Table 1 showed our findings: One the one hand, 42.7 percent of the posts in the text–focused Wiki responded directly to certain portions of the text, while only 20.4 percent posts in the threaded discussion forum did so. On the other hand, there was higher percentage of posts responding to general ideas in the text in the threaded discussion forum than in the text–focused Wiki. Regarding the total number of posts, the t–test suggested the discussion in the text–focused Wiki [mean= 4.61 (per student), SD= 2.64] had significantly more responses (ρ <.001) to specific portions of the text than in the threaded discussion forum [mean=1.44 (per student), SD=1.15], and there was no statistical difference in the amount of direct responses to general ideas in the text.

Depth of discussion

A large majority (18 of 20) expressed the idea that they were able to “go deeper into the ideas” in the text or “comprehend the readings more deeply” in the Wiki, instead of “just skim[ing] the surface by covering many diverse points on the discussion board.” In the text–focused Wiki, students commented on specific portions of the text at length and from different angles. For example, where the text introduced Vygotsky’s concept of the ZPD, students commented at length about how the ZPD should be understood by educators. Some discussed the significance of the ZPD idea by noting, “ZPD suggests learning is not static ...” and the “human mind can always learn more ...” Some students connected the idea of the ZPD to their own experiences of interacting with their own students. Some students explored how the idea of the ZPD informed their classroom teaching.

When we assert that the Wiki design led to greater “depth” in the discussion, we mean the students’ comments not only stayed on the topic, but also explored its meaning and implications. For example, a section of the text described how Soviet psychologists determined a student’s ZPD. It stated, “If the child fails to reach the correct solution, the adult progressively adds clues for solution ... .” This led to the subsequent discussion focused on the “clue” concept. One student commented, “I really like the clues concept. I have now experienced how it is so easy to want to step in and give the answer or take over for a student who is struggling. All learners deserve that ‘thinking time’ ... .” Another student wrote, “I think adult ‘adding clues’ is a great point! I feel that teachers today are often giving children the correct answers rather than helping them to search for the answers ... .

Whereas students’ discussion in the text–focused Wiki usually explored a particular portion of the text in depth, discussion in the threaded forum rarely elaborated one particular issue. The threaded forum did not prevent this kind of engagement: some students showed they could think critically about the text and make thoughtful connections between the text and their real life experiences. Quite a few students, however, offered detailed descriptions of their own personal experiences with little interpretation of how the experiences were related to the central ideas. For example, one student described at great length one of his classes where he successfully combined the lecture and field trip. He ended with, “Why was this so fantastic? Each day we were immersed in science. We were scientists ... .” And others responded, “Excellent example of your mix of classroom and out of classroom experience ... .” or “What a great example of hands–on learning. I’m envious, sounds like fun!” Although the discussion looked lively, there was little evidence that it helped the participants better understand the critical issues in the text.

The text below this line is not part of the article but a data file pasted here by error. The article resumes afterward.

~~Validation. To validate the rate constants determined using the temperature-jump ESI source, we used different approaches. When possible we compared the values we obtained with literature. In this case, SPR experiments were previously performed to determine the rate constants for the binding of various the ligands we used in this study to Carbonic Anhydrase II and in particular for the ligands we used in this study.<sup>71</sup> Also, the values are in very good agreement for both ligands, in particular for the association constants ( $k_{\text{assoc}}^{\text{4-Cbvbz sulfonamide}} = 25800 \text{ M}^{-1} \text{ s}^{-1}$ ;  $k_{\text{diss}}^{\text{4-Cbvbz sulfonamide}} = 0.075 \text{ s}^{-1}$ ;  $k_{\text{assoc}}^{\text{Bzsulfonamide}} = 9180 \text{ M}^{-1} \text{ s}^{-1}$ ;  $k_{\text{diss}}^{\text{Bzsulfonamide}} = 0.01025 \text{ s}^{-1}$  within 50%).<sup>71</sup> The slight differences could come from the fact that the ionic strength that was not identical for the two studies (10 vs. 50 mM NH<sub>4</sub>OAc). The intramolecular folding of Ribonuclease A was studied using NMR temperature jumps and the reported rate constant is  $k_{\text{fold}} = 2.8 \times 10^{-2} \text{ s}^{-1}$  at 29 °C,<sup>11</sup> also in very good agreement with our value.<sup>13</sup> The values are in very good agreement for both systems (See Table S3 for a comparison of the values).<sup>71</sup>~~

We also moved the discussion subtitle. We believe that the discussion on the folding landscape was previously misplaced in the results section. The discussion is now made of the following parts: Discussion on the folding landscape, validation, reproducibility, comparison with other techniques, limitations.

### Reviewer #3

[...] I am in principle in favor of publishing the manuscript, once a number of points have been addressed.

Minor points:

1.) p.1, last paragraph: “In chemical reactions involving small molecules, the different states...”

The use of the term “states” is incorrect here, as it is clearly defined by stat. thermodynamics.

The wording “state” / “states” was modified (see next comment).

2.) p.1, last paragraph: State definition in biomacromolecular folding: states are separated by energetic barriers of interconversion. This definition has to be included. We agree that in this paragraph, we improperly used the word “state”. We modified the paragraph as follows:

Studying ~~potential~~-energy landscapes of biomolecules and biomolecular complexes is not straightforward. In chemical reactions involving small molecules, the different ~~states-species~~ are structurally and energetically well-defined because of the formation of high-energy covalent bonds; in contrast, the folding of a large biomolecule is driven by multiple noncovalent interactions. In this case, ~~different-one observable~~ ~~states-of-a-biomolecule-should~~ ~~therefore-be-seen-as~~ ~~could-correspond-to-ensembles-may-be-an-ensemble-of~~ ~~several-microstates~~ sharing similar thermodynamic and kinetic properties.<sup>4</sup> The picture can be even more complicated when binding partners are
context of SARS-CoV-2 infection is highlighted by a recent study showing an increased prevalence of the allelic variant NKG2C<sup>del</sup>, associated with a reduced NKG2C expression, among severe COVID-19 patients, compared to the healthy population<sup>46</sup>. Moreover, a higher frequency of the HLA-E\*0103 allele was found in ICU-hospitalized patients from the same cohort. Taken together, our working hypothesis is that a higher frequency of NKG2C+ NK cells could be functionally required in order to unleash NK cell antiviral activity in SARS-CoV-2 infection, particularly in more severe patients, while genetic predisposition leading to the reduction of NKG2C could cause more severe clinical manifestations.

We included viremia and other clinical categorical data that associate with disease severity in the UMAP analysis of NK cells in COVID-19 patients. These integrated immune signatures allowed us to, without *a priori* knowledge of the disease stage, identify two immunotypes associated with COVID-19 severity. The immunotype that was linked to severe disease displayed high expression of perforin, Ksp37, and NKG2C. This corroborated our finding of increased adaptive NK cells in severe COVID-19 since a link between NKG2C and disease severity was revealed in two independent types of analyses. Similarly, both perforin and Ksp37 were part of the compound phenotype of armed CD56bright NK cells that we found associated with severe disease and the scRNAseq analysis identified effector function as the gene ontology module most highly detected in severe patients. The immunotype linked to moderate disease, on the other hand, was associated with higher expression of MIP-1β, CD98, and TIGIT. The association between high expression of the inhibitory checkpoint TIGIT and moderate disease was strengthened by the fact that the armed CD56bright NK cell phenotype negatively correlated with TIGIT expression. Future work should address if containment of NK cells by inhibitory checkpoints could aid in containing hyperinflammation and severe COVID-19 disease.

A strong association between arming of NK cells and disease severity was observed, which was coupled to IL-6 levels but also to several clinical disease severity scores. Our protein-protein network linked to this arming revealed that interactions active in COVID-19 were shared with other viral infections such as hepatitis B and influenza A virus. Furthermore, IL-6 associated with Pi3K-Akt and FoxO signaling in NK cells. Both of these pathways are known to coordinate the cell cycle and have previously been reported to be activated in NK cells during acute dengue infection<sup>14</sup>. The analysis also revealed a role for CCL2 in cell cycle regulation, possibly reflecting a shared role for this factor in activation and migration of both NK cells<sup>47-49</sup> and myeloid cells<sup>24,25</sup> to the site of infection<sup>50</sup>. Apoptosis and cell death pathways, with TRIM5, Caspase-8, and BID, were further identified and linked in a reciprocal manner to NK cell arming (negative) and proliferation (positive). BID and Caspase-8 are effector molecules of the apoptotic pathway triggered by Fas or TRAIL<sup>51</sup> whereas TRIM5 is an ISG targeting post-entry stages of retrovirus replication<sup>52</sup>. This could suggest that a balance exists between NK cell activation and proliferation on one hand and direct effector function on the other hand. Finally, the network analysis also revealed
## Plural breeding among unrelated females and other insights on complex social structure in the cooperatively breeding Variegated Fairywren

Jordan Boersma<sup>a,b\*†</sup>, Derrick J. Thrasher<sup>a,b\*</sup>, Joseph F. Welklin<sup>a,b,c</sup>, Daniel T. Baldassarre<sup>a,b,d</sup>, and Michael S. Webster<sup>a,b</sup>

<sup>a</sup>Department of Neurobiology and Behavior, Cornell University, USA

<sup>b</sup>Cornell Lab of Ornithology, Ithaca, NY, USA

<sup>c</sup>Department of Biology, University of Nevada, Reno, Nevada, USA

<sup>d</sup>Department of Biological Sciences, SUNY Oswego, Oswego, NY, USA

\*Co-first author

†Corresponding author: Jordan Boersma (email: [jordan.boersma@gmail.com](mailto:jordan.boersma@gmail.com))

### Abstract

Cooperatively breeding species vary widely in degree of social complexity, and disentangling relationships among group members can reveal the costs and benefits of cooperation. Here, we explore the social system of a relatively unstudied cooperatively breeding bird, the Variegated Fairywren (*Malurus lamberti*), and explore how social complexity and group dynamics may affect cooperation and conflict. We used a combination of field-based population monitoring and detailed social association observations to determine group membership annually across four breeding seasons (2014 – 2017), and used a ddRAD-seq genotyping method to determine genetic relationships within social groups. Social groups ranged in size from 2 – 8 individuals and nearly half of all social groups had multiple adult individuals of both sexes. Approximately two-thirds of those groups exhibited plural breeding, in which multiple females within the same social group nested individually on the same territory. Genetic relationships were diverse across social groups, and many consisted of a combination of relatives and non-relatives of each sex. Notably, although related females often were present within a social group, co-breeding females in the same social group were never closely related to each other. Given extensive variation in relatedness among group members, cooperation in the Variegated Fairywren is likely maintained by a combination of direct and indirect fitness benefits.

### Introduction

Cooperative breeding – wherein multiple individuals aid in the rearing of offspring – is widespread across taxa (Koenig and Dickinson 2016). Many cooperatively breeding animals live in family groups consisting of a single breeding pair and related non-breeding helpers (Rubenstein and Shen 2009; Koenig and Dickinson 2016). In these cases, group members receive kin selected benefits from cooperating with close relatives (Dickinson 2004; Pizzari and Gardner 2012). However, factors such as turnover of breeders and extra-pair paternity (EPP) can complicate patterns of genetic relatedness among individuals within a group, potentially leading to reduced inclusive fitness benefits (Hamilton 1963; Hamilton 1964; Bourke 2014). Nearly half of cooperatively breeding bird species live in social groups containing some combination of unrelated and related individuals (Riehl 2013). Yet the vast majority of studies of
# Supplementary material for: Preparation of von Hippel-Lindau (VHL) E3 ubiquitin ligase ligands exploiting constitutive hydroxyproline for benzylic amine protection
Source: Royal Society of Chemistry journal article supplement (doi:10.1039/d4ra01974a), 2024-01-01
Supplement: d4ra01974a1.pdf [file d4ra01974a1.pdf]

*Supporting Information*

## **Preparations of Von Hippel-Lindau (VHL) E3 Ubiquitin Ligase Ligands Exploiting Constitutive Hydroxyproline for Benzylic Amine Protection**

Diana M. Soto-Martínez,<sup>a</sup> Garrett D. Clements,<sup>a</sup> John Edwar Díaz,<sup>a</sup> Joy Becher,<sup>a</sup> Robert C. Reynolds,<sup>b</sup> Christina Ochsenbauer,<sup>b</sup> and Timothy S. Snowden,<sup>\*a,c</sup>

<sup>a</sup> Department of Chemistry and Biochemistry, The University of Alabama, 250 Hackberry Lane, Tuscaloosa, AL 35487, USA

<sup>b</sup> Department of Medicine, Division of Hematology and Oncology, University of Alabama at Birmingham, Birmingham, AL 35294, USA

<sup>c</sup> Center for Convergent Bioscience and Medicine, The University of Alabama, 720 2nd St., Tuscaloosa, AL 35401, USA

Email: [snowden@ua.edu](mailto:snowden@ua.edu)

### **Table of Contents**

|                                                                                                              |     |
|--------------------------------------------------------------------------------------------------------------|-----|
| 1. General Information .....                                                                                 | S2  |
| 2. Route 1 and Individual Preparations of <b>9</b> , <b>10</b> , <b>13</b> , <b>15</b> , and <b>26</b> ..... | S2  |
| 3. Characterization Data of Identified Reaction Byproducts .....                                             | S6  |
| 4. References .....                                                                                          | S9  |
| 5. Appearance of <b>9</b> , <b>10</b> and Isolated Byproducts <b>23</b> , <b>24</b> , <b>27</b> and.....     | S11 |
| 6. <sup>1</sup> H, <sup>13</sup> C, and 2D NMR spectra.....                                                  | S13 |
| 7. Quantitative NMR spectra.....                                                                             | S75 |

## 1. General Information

To provide a clearer picture of the depth of discussion in both discussion environments, two independent raters coded the posts by using the rubrics developed by Henri (1992) (see Table 2). The interrater reliability was 71.1 percent.


Table 2: Henri’s (1992) analytical model: Processing information.
Surface processingIn–depth processing
Repeating the information contained in the statement of the problem without making inferences or offering an interpretationLinking facts, ideas and notions in order to interpret, infer, propose and judge
Repeating what has been said without adding any new elementsOffering new elements of information
Stating that one shares the ideas or opinions stated, without taking these further or adding any personal commentsGenerating new data from information collected by the use of hypotheses and inferences
Proposing solutions without offering explanationProposing one or more solutions with short–, medium–, or long–term justification
Making judgments without offering justificationSetting out advantages and disadvantages of a situation or solution
Asking questions which invite information not relevant to the problem or not adding to the understanding of itProviding proof or supporting examples
Making judgments supported by justification
Offering several solutions without suggesting which is most appropriatePerceiving the problem within a larger perspective
Perceiving the situation in a fragmentary or short short–term mannerDeveloping intervention strategies within a wider framework